Attorney Fees Eden Township Healthcare District v. Eden Medical Center (2013) _ Cal.App.4th _ : The Court of Appeal reversed the trial court’s denial of a motion for attorney fees under Civil Code 1717. When the  Eden Township Healthcare District (District) unsuccessfully brought a cross-complaint for  declaratory  relief seeking to have two  agreements declared illegal and void under Government  Code section 1090, they put  an attorney fees clause in one agreement into play.  Having failed in its attempt  to prove that the agreements were void, the District was  liable for Eden Medical Center’s  attorney fees under section 1717. (C.A. 1st, October 9, 2013.) 

with sufficient specificity as to actual reliance, but she was entitled to amend her complaint as to those counts. She was also entitled to amend her complaint to allege a rescission of the subscription agreement to support her count for unjust enrichment. (C.A. 2nd, October 4, 2013.) Davis v. Kiewit Pacific Co. (2013) _ Cal.App.4th _ : The Court of Appeal reversed the trial court’s order granting summary judgment for defendant on punitive damages. The Court of Appeal concluded that  the trial court erred in  granting Kiewit’s motion for summary  adjudication on plaintiff’s punitive damages claim because there was a triable issue of material fact regarding whether a managing agent of Kiewit engaged in or ratified the wrongful conduct against plaintiff. (C.A. 4th, filed September 18, 2013, published October 8, 2013.)   GetFugu, Inc. v. Patton Boggs LLP (2013) _ Cal.App.4th _ : The Court of Appeal partially reversed the trial court’s order granting an anti-SLAPP motion to strike regarding a defamation cause of action against defendants Patton Boggs LLP (Patton) and Richard J. Oparil (Oparil) related to a press

Defendants contended the press release was issued through “Investor Wire” and was directed to persons in the investment community so as to be shielded by the litigation privilege.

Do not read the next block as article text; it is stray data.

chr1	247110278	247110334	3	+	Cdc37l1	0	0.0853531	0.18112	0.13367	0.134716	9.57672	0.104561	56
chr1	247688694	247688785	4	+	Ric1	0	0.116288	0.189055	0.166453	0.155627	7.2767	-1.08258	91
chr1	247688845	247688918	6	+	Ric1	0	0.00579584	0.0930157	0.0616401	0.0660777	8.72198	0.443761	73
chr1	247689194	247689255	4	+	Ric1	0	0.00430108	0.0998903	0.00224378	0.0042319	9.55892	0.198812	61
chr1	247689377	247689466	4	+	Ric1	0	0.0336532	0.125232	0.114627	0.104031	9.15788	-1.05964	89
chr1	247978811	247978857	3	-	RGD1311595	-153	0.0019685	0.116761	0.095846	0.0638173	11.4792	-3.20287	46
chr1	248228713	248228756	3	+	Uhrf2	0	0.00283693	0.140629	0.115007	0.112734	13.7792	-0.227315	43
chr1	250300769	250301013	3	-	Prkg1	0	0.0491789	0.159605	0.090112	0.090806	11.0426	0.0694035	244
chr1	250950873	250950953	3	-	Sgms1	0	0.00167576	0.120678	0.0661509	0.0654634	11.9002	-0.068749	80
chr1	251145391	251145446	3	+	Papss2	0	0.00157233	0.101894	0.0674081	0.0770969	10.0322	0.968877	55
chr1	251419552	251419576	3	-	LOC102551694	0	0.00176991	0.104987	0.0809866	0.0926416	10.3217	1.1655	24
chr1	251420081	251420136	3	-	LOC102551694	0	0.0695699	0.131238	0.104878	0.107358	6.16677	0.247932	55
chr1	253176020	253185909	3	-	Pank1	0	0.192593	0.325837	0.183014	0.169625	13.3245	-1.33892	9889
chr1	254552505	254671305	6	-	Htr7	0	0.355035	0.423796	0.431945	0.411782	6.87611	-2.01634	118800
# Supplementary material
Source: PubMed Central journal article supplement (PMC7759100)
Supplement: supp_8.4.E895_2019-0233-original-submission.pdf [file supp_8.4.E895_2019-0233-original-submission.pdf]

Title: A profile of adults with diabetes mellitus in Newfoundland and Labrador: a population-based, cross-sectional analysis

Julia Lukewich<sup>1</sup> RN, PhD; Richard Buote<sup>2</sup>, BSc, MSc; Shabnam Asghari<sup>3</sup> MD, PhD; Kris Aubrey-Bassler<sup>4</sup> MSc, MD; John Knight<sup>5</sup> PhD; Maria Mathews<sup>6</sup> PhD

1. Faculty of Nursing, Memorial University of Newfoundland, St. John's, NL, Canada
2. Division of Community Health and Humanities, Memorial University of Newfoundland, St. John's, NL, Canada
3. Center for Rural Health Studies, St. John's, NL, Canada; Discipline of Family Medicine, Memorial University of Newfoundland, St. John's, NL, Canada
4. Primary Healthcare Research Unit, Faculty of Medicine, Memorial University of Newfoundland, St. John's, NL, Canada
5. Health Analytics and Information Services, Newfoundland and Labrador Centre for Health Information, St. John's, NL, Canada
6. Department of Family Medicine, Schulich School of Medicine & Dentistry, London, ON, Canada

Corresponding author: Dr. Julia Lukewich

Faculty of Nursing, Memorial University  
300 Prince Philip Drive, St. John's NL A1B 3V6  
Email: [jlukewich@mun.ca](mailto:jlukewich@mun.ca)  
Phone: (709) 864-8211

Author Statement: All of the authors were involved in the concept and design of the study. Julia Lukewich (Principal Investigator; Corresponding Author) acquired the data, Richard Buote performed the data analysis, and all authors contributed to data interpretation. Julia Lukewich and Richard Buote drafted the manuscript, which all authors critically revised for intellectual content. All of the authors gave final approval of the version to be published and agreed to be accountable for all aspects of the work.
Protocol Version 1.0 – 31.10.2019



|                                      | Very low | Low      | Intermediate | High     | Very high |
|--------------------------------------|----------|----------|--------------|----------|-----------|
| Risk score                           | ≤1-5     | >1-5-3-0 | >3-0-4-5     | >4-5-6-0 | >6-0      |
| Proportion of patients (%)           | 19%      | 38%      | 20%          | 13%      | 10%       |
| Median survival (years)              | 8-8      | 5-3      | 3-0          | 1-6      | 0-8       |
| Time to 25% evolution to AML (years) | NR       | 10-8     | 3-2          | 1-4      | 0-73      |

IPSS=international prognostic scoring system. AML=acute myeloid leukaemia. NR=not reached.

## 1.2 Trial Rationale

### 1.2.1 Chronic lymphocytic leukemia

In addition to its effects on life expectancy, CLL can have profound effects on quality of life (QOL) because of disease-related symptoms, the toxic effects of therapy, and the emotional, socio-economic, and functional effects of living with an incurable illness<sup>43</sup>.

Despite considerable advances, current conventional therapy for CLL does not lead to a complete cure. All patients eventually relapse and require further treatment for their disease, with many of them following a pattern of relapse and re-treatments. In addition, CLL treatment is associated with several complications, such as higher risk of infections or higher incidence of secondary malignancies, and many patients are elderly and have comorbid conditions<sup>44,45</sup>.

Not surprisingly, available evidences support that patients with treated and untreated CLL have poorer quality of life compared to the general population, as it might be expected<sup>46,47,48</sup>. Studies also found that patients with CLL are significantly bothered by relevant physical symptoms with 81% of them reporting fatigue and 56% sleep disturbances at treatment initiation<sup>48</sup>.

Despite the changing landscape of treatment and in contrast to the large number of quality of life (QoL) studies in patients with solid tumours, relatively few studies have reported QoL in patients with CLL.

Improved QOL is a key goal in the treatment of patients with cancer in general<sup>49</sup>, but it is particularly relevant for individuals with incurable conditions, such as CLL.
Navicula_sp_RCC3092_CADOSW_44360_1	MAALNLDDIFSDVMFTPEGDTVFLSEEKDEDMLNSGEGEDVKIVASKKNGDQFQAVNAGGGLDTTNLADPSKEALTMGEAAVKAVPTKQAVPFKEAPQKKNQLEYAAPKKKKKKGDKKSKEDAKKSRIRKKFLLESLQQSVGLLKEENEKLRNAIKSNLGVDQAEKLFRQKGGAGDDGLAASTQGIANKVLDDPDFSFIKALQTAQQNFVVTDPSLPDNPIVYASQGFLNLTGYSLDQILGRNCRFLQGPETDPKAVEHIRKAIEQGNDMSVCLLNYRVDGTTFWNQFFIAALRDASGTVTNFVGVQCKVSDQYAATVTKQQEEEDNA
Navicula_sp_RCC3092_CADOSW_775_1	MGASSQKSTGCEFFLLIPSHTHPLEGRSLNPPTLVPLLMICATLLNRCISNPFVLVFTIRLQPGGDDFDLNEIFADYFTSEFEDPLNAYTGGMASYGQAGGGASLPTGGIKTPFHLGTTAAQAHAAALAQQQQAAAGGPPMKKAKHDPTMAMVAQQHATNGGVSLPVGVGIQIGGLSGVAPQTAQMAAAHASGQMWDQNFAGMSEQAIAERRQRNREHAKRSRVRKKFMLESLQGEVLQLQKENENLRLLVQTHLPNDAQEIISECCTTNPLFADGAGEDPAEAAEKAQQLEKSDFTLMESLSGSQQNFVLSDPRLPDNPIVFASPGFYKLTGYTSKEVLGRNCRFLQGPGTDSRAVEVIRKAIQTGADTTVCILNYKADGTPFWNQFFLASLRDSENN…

Civil Code Eden Township Healthcare District v. Eden Medical Center (2013) _ Cal.App.4th _ : See summary above under Attorney Fees.

Civil Procedure/Anti-SLAPP/998s Chapman v. Skype Inc. (2013) _ Cal.App.4th _ : The Court of Appeal reversed the trial court’s order sustaining a demurrer without leave to amend to a class-action complaint alleging violation of the unfair competition law (UCL) (Business & Professions Code, section 17200 et seq.), the false advertising law (Business  & Professions Code, section 17500), the Consumer Legal Remedies Act (CLRA) (Civil Code, section 1750 et seq.), intentional and negligent misrepresentation, and unjust enrichment. Plaintiff alleged that Skype advertised its voice over Internet plans as unlimited when the  plans were actually limited as to the number of minutes per day and month and the number of calls per day.  The Court of Appeal found that plaintiff had adequately alleged  counts for violation of the UCL, the false advertising law, and the CLRA based on deceptive advertising. She failed, however, to allege her counts for intentional and negligent misrepresentation

release. Oparil issued a press release to publicize the alleged misdeeds of GetFugu and Freer. Defendants contended the press release was issued through “Investor Wire” and was directed to persons in the investment community so as to be shielded by the litigation privilege. The Court of Appeal disagreed, finding that the press release was posted on the Internet and thus was released worldwide and dissemination of the publication to a segment of the population as large as the “investment community” was essentially the same as disclosure to the general public. To defeat a special motion to strike, a plaintiff need only present sufficient evidence showing a case of minimal merit. Plaintiff’s  opposing declarations, by disputing the existence of an FBI criminal investigation of Freer, were sufficient to meet that slight threshold and enable GetFugu and Freer to proceed on the defamation claim. (C.A. 2nd, October 3, 2013.) Rouland v. Pacific Specialty Insurance Company (2013) _ Cal. App.4th _ : The Court of Appeal reversed the trial court’s denial of expert fees under Code of Civil Procedure section 998. The trial court erroneously denied  Pacific Specialty its expert fees because its settlement offers did not strictly

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Chapman v. Skype Inc. (2013) _ Cal.App.4th _ : See summary above under Civil Procedure.   Morrical v. Rogers (2013) _ Cal.App.4th _ : The Court of Appeal reversed the trial court judgment because plaintiff had not joined indispensable parties. An action under Corporations Code section 709  to determine the validity of an election of corporate directors may be based on an alleged breach of fiduciary duty and violation of Corporations Code section 310 which governs corporate transactions with companies in which one or more corporate directors have a material financial interest. The Court of Appeal also concluded, however, that the trial court erred in failing to require that two brother shareholders be joined in the action as indispensable parties, and therefore reversed and remanded for further proceedings. (C.A.1st, October 10, 2013.)